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The AOSO (Advanced Orbiting Solar Observatory) satellite, which was originally called Helios, was intended as a scaled-up extension of the OSO (Orbiting Solar Observatory) series. It was conceived as a free-flying unmanned polar-orbiting satellite system capable of continuously monitoring the sun and near solar environment using an array of detectors and electronic imaging devices covering a broad frequency band from the x-ray to the visual range. The first AOSO was to be launched in 1969 by a Thrust-augmented Thor Agena-D from Vandenberg. The AOSO program was cancelled in 1965 and a "Final" full-scale mock up was transferred to the Smithsonian in 1969. Many of the scientific instruments planned for AOSO eventually were developed for the Skylab Apollo Telescope Mount, which flew in 1973.

AOSO was intended to produce high resolution images of the solar photosphere and atmosphere in a wide range of wavelength regions. A pointing accuracy of +/-5 seconds of arc on the center of the solar disk and an overall system reliability of at least 70 percent was called for. AOSO's specifications, together with the higher spatial resolution of its larger telescopes, would allow for the detailed study of the emergence and development of individual solar flares and other localized solar photospheric and atmospheric phenomena. Budgeted at some $167 million dollars, OSSA hoped for a series of at least four AOSO flights through 1971 that would examine the sun during a peak period of the 11-year solar activity cycle.

In October 1963 Goddard Space Flight Center negotiated a $5 million dollar Phase I contract with Republic Aviation Corporation of Farmingdale, NY, for a one-year systems engineering development study as well as detailed design of the satellite). AOSO Conceptual and engineering design studies had been completed by mid-1965 and contracts for prototypes were in the process of negotiation when NASA, and OSSA in particular, suffered deep budget cuts during the 1965 budget request cycle for FY 1967 funding. AOSO was cancelled that year.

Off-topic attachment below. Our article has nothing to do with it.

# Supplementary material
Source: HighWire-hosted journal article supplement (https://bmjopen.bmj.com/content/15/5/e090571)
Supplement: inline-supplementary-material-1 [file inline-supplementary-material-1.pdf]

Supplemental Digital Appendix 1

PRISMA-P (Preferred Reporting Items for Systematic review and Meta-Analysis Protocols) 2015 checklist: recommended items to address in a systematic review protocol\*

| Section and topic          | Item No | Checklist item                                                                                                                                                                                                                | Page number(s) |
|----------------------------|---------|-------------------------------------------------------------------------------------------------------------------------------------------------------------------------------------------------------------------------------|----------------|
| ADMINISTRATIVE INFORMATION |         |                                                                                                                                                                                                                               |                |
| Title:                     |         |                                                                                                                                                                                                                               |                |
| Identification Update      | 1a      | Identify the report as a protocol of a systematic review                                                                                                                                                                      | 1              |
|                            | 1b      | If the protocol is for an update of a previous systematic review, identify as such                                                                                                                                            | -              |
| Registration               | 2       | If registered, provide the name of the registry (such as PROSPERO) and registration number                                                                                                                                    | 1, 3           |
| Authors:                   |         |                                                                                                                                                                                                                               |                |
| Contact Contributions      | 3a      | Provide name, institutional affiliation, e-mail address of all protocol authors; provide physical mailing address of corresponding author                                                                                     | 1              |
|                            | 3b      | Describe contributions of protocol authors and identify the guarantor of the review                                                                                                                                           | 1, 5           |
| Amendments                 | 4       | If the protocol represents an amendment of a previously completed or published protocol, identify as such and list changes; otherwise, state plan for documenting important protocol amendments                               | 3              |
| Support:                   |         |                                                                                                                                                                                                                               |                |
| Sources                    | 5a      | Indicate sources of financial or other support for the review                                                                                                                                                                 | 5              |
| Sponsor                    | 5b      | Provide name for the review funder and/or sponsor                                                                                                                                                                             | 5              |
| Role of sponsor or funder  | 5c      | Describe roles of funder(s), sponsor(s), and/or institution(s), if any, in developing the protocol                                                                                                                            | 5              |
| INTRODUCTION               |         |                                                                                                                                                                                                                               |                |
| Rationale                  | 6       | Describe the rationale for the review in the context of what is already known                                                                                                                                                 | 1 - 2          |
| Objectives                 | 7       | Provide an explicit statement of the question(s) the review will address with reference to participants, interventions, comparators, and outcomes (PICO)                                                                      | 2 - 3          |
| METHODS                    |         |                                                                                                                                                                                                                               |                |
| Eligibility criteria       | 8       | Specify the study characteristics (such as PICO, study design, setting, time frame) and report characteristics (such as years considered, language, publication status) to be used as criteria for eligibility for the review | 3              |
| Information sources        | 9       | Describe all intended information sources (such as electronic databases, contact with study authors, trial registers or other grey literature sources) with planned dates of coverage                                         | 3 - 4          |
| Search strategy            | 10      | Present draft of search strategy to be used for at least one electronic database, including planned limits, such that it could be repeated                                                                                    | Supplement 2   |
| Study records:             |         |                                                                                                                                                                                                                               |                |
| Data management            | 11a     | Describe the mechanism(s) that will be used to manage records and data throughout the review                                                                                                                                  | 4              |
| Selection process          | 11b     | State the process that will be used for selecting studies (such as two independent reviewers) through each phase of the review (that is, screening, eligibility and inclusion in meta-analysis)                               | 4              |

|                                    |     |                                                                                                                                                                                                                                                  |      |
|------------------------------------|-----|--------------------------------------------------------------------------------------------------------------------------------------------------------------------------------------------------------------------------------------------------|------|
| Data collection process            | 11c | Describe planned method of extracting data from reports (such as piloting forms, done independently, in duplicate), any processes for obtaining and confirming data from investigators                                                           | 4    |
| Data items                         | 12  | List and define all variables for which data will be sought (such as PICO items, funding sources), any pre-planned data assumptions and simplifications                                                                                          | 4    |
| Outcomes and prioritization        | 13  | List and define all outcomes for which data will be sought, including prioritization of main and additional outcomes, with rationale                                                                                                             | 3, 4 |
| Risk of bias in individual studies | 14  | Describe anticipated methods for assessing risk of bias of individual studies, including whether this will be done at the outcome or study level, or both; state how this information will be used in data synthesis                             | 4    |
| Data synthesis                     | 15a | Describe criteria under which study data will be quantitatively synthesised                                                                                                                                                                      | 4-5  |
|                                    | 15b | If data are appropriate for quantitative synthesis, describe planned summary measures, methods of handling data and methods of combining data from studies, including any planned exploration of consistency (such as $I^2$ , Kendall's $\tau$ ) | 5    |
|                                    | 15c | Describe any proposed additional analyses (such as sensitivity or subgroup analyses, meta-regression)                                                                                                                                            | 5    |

Following instruments were planned for AOSO:

  • High-Resolution X-Ray Telescope. (Goddard Space Flight Center and American Science and Engineering). Development of an x-ray spectroheliograph to examine plage regions with a spatial resolution of a few arc seconds in the 6 to 60 nm region, which covers the region where flares are active (6 - 10 nm). High and low resolution modes were contemplated, the latter to detect high speed transient events.
  • White Light Coronagraph (High Altitude Observatory). Imaging and polarizing coronagraph capable of 1 minute of arc resolution or less to provide continuous monitoring of the solar corona.
  • Ultraviolet and Hydrogen-Alpha Spectroheliographs (Naval Research Laboratory). High angular and wavelength resolution to monitor the character of the H-alpha line and its surroundings
  • UV Scanning spectroheliometer (Harvard College Observatory) - for direct studies of the solar disk and the study of fine structure in active regions in the range 300 to 1300 nm.
Nation: USA
Type / Application: Solar observatory
Operator: NASA
Contractors: Republic Aviation Corp.
Power: 8 deployable fixed solar arrays, batteries
Mass: 487 kg ?
Orbit: 482 km polar
Satellite COSPAR Date LS Launch Vehicle Remarks
AOSO A - cancelled Va Thorad-SLV2G Agena-D
AOSO B - cancelled Va Thorad-SLV2G Agena-D
AOSO C - cancelled Va Thorad-SLV2G Agena-D
AOSO D - cancelled Va Thorad-SLV2G Agena-D